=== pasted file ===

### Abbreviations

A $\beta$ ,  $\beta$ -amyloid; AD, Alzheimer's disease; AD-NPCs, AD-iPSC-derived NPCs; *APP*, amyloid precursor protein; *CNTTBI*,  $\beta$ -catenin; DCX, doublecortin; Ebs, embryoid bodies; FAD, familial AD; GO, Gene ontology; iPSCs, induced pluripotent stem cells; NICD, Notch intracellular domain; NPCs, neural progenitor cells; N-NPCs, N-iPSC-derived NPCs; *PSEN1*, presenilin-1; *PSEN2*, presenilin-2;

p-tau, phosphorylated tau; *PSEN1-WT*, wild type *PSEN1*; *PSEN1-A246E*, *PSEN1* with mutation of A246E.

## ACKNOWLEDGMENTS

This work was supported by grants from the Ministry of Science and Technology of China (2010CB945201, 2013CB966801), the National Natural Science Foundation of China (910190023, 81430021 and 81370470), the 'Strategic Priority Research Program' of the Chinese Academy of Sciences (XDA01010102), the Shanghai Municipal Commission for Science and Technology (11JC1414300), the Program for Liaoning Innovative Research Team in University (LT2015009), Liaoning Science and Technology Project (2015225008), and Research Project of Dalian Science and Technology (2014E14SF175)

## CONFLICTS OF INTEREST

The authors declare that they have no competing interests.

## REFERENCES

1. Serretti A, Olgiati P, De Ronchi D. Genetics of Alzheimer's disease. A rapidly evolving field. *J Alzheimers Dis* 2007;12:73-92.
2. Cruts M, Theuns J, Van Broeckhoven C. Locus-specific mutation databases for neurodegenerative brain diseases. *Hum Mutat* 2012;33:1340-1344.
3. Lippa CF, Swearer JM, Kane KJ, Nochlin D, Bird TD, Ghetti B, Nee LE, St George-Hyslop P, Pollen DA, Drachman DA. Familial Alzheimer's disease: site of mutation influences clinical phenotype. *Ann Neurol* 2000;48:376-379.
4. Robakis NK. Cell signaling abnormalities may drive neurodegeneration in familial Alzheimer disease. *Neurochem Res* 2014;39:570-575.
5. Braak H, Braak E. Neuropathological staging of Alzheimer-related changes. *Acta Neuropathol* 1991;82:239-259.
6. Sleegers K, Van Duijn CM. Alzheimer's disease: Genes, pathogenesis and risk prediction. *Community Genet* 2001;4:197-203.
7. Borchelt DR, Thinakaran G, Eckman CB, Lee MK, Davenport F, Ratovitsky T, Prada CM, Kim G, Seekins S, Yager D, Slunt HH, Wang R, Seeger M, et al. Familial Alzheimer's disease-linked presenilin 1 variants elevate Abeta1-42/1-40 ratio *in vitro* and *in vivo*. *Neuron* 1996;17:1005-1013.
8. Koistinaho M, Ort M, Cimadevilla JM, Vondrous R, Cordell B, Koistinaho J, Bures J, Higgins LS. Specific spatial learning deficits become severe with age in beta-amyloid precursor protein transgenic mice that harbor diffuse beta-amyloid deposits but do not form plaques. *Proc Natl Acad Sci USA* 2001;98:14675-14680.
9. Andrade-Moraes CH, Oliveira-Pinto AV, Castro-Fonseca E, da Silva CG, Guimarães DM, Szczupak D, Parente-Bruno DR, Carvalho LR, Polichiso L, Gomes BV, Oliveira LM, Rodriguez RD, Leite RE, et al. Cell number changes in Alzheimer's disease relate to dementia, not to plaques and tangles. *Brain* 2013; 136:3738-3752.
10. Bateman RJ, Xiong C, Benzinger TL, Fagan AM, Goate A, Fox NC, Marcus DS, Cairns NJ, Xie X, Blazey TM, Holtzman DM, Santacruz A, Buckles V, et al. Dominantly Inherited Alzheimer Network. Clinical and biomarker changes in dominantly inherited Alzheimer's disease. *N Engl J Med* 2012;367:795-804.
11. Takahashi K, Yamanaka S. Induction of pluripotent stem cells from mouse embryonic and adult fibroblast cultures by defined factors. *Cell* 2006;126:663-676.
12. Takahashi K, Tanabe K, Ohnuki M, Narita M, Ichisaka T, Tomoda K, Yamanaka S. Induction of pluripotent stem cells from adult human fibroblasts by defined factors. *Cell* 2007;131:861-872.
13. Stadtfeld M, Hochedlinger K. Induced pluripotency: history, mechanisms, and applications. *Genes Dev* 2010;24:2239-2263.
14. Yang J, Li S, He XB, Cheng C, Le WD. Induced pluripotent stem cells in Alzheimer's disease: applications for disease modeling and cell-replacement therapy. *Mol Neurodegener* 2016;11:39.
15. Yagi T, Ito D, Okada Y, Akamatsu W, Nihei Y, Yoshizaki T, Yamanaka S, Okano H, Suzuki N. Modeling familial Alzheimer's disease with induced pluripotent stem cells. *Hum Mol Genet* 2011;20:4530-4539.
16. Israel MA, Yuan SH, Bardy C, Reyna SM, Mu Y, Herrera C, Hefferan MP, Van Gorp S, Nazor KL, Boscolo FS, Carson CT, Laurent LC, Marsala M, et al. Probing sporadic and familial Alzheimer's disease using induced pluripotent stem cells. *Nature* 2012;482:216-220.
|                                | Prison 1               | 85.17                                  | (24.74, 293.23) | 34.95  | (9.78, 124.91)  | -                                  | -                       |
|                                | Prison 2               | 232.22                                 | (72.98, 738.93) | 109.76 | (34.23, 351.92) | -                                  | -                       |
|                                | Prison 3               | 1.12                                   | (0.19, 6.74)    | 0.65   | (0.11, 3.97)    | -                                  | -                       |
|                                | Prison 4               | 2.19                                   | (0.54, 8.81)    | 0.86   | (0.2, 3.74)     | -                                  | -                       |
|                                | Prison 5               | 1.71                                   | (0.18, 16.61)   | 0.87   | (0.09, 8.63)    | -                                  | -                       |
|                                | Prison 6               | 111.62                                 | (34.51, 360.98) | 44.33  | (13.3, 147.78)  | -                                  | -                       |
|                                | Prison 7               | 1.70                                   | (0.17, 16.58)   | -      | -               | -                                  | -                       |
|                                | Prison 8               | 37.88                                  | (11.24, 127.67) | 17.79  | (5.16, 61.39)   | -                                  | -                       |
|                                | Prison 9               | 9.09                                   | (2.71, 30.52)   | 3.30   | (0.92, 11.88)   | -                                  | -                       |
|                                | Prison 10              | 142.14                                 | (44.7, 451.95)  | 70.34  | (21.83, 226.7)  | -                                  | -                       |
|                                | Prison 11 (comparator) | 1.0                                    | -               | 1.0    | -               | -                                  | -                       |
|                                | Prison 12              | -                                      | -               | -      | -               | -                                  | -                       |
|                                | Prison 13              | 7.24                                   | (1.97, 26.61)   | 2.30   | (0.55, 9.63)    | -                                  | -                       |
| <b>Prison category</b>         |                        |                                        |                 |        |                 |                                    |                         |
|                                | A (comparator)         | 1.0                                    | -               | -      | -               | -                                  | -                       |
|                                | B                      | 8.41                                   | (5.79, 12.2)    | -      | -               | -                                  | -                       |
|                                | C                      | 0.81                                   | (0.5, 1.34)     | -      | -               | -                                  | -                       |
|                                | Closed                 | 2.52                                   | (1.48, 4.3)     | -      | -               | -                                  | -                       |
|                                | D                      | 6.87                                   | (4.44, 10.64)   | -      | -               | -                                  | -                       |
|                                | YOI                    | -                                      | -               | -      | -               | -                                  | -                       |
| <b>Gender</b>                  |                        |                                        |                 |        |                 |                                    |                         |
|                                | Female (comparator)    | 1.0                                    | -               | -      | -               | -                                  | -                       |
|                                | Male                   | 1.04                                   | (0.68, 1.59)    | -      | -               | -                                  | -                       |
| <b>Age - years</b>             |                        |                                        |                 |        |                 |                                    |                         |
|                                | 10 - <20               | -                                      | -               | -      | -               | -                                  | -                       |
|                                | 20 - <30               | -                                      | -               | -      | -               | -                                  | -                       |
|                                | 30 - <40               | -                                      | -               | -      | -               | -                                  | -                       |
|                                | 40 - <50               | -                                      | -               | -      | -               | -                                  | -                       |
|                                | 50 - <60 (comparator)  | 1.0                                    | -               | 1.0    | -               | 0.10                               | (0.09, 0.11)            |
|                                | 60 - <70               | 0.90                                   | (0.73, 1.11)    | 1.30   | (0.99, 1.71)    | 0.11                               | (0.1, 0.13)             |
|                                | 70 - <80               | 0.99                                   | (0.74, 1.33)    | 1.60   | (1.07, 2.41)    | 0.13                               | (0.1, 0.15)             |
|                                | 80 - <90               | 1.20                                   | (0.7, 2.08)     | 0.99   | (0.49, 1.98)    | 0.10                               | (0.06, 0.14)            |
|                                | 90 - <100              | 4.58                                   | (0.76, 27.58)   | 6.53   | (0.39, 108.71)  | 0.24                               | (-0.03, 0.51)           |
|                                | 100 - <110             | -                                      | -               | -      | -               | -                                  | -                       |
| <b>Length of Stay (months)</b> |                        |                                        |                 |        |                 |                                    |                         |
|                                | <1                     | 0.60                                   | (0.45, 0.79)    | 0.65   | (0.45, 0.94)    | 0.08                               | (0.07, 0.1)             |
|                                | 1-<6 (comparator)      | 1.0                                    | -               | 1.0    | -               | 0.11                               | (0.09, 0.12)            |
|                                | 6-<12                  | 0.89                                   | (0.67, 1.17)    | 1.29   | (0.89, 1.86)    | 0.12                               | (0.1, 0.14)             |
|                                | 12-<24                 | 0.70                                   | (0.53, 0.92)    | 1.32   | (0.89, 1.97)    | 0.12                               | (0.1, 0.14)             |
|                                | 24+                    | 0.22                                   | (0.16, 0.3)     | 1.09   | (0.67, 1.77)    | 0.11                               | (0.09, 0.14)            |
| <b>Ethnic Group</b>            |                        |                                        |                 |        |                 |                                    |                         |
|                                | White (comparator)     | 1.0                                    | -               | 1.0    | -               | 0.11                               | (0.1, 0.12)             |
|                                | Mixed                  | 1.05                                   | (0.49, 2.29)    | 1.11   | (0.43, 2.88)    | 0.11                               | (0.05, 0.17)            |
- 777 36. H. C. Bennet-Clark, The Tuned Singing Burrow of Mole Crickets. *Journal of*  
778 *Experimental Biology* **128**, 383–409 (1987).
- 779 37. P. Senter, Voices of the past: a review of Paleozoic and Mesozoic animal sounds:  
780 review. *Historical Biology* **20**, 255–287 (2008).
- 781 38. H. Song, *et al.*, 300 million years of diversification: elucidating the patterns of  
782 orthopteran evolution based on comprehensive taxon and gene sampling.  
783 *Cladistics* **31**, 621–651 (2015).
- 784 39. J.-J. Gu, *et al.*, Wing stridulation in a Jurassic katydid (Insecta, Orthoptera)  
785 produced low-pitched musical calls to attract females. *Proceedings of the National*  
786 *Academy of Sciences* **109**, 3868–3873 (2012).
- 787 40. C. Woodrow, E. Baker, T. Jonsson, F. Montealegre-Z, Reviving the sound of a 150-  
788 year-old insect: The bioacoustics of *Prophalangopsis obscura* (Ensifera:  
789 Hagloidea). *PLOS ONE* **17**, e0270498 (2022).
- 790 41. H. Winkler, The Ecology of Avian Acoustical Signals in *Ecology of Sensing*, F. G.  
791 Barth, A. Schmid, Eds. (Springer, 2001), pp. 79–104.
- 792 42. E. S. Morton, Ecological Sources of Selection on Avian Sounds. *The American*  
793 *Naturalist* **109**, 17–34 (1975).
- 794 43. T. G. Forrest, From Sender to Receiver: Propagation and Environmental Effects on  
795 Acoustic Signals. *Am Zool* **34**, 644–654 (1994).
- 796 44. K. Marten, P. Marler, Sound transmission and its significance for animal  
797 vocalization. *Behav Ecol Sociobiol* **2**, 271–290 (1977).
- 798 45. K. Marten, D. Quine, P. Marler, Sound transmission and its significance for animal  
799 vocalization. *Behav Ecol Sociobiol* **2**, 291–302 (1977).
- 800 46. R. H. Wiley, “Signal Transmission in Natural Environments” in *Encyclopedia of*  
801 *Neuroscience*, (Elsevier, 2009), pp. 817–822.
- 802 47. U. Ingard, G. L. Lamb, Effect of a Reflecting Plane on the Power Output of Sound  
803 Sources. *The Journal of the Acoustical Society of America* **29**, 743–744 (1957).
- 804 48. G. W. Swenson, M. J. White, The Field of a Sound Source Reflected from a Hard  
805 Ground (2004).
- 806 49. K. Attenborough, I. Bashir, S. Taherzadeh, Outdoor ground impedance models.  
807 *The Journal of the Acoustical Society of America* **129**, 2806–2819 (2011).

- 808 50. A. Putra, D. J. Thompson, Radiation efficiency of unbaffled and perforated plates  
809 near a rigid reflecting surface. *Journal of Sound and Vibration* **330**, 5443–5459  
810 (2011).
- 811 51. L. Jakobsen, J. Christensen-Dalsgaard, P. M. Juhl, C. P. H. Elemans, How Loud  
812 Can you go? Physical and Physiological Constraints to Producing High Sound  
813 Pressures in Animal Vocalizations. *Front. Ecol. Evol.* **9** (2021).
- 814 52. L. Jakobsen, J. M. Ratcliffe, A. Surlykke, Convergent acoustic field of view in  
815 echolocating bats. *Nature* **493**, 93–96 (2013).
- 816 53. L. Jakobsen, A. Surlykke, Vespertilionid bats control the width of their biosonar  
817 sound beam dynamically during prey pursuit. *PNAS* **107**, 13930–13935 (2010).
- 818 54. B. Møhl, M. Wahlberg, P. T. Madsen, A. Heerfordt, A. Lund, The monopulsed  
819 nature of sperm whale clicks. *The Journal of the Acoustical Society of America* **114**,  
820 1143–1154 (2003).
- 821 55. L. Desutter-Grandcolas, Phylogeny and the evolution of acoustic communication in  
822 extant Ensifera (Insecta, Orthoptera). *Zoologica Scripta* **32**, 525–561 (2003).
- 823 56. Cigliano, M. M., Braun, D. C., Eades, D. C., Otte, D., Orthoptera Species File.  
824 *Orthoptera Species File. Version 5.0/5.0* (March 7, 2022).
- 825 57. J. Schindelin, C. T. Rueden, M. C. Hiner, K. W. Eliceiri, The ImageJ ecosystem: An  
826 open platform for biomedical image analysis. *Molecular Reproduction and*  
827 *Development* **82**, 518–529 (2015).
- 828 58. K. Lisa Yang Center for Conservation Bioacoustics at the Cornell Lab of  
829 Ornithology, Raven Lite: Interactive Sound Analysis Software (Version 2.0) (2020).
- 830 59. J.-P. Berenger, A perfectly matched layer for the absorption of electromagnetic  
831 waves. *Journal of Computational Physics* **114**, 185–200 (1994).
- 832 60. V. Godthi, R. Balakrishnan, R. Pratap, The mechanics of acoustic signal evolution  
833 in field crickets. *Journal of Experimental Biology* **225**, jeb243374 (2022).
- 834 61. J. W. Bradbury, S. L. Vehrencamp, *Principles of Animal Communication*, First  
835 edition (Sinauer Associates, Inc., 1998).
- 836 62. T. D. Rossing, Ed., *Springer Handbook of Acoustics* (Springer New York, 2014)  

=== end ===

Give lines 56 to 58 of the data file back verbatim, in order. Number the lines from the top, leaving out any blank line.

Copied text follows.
|                                | 80 - <90               | 1.20                                   | (0.7, 2.08)     | 0.99   | (0.49, 1.98)    | 0.10                               | (0.06, 0.14)            |
|                                | 90 - <100              | 4.58                                   | (0.76, 27.58)   | 6.53   | (0.39, 108.71)  | 0.24                               | (-0.03, 0.51)           |
|                                | 100 - <110             | -                                      | -               | -      | -               | -                                  | -                       |